But now, Obama and outgoing Attorney General Loretta Lynch are handing over the reins of power to a Donald Trump administration deeply hostile to Islam, and to a president who has called for a ban on Muslim immigration and intensified surveillance of mosques. That’s triggered broad concern among Muslim communities, advocates and civil rights lawyers about how mosque building and even Muslim worship will fare in the Trump era. It’s a question that cuts deep for Muslims who fear their privacy and freedom to worship without federal scrutiny will be taken away, and that will shed light on the future of civil liberties under President Trump.
“There's a real concern that the federal statute [protecting religious institutions] might go under enforced, or selectively enforced only in favor of certain faiths,” says Daniel Mach, Director of the ACLU Program on Freedom of Religion and Belief.
These fears have been exacerbated by Trump’s nomination of Senator Jeff Sessions, of Alabama, to be his attorney general. Sessions has not commented specifically on mosque building in the U.S., and stated during his confirmation hearing that he would protect religious freedom. But when Trump in 2015 called for a ban on Muslim immigration, Sessions defended him, pointing to a “toxic ideology” within Islam.
Sessions “has not shown himself to be sensitive to the plight of minority communities in this country, which could have a direct effect on the Justice Department’s enforcement of the civil rights statutes,” says the ACLU’s Mach.
Approved by a Republican-controlled Congress and signed into law by President Bill Clinton in 2000, RLUIPA bars zoning restrictions that place a “substantial burden” on religious exercise, mandates that religious institutions be treated by local officials the same as secular institutions, and prohibits discrimination against zoning applicants because of their religious identities.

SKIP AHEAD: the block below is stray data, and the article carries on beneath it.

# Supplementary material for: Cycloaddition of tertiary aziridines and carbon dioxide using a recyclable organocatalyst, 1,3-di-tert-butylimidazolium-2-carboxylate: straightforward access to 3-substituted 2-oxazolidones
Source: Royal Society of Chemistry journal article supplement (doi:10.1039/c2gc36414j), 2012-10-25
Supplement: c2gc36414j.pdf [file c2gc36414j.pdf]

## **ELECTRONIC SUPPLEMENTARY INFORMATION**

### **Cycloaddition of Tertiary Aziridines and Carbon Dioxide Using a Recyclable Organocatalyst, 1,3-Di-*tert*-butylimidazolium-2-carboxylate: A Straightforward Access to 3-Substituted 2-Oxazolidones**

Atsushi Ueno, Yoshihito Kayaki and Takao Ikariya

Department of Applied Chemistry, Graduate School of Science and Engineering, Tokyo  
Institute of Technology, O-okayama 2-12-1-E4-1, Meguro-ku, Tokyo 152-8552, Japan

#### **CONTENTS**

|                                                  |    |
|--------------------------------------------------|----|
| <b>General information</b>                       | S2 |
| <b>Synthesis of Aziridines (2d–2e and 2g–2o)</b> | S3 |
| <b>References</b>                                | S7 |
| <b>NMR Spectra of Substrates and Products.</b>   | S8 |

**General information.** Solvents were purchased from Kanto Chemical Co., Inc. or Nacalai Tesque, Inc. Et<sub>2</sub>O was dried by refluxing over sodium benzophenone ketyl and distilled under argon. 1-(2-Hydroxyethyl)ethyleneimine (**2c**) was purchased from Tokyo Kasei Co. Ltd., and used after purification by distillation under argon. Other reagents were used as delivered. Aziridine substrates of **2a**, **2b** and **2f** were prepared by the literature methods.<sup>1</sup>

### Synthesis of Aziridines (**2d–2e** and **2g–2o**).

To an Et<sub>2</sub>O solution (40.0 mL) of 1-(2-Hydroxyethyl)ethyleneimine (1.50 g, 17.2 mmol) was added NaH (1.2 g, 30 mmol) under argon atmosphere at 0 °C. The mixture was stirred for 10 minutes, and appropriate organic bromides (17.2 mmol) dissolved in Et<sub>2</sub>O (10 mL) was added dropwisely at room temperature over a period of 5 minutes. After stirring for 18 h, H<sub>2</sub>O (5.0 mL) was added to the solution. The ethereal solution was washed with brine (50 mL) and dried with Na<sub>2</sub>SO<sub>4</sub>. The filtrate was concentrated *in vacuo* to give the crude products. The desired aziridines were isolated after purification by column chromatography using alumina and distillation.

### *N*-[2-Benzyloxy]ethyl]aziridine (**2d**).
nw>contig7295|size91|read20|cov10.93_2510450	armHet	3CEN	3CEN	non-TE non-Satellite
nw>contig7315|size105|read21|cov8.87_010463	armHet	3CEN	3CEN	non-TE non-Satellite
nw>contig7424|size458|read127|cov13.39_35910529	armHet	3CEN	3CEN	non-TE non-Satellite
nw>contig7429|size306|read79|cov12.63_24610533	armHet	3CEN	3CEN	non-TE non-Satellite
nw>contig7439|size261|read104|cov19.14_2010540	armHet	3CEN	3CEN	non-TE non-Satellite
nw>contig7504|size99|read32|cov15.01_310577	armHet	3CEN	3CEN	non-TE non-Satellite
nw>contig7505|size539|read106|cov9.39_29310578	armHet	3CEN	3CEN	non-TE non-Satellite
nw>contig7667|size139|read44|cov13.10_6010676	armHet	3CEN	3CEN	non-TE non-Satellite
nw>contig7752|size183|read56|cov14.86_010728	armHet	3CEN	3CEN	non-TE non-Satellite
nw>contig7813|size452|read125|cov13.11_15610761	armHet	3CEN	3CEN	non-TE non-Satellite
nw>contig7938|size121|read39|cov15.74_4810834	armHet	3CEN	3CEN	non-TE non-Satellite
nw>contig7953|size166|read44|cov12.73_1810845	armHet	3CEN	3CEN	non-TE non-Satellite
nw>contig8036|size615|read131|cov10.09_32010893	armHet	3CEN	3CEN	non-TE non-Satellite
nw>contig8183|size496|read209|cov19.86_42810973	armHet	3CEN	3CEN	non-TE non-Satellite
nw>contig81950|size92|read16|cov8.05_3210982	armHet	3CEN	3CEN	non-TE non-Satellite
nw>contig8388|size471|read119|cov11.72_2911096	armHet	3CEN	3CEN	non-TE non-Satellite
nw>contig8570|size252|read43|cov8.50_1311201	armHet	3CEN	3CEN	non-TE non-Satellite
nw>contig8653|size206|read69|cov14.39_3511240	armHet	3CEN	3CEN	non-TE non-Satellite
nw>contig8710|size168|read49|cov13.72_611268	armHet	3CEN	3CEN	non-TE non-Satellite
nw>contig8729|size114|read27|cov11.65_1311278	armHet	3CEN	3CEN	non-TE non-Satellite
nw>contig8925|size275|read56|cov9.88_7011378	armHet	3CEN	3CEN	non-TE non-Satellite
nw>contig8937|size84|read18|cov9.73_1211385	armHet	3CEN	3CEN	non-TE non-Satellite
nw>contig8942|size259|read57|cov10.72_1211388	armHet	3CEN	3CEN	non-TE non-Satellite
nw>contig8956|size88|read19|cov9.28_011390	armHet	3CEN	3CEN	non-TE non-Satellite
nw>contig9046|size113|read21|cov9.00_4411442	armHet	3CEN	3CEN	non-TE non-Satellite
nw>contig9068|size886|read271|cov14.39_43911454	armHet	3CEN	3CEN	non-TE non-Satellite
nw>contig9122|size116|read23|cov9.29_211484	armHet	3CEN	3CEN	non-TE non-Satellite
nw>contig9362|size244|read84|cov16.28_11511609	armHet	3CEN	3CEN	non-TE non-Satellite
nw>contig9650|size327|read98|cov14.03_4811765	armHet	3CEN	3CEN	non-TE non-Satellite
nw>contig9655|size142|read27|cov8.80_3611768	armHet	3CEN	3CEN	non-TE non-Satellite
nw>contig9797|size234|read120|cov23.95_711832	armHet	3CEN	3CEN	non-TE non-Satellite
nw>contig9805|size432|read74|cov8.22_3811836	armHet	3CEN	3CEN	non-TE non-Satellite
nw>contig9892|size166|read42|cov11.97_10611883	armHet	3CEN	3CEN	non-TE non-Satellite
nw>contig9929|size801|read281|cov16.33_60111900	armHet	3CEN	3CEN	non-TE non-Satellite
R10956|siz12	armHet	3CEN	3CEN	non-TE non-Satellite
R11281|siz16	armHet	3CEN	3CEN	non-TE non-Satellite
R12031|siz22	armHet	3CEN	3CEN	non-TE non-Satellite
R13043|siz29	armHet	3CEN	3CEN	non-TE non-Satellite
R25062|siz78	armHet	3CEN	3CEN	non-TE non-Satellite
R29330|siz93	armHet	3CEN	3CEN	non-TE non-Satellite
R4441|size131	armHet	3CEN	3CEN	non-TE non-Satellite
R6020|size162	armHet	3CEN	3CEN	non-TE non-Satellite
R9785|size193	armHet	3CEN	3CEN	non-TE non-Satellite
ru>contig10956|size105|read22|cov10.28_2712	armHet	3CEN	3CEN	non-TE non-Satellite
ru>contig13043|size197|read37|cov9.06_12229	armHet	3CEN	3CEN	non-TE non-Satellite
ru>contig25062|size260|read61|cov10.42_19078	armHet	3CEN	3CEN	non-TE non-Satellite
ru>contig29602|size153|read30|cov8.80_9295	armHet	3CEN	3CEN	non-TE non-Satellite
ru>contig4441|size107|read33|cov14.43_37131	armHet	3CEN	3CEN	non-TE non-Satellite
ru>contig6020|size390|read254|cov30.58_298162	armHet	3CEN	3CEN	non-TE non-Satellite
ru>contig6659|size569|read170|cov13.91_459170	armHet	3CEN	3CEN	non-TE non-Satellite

In the first ten years following its enactment, federal enforcement of the Religious Land Use law centered largely on local squabbles over Christian congregations. The Justice Department launched 31 investigations into allegations of discrimination against Christian communities, six into allegations concerning Jews and seven into allegations concerning Muslims, according to a DOJ report released last year. Complaints centered on predictable neighborhood issues like parking, noise and traffic.
But since 2010, the DOJ started 20 investigations related to Christians, five related to Jews and 17 into discrimination against Muslims. The latter increased markedly over previous years, a spike that’s all the more striking given that Muslims make up one percent of the U.S. population. The DOJ report also notes that, since 2010, 84 percent of non-Muslim investigations were resolved without a lawsuit, while only 20 percent of mosque and Islamic school cases were solved without a legal complaint.
That the uptick started in 2010 should come as no surprise. That was the year when a coterie of anti-Muslim activists descended on New York City to agitate against the Park51 Islamic center, located about two blocks from Ground Zero, capturing national attention. The opposition was led by a network of anti-Muslim activists who took American panic over Islam mainstream that summer.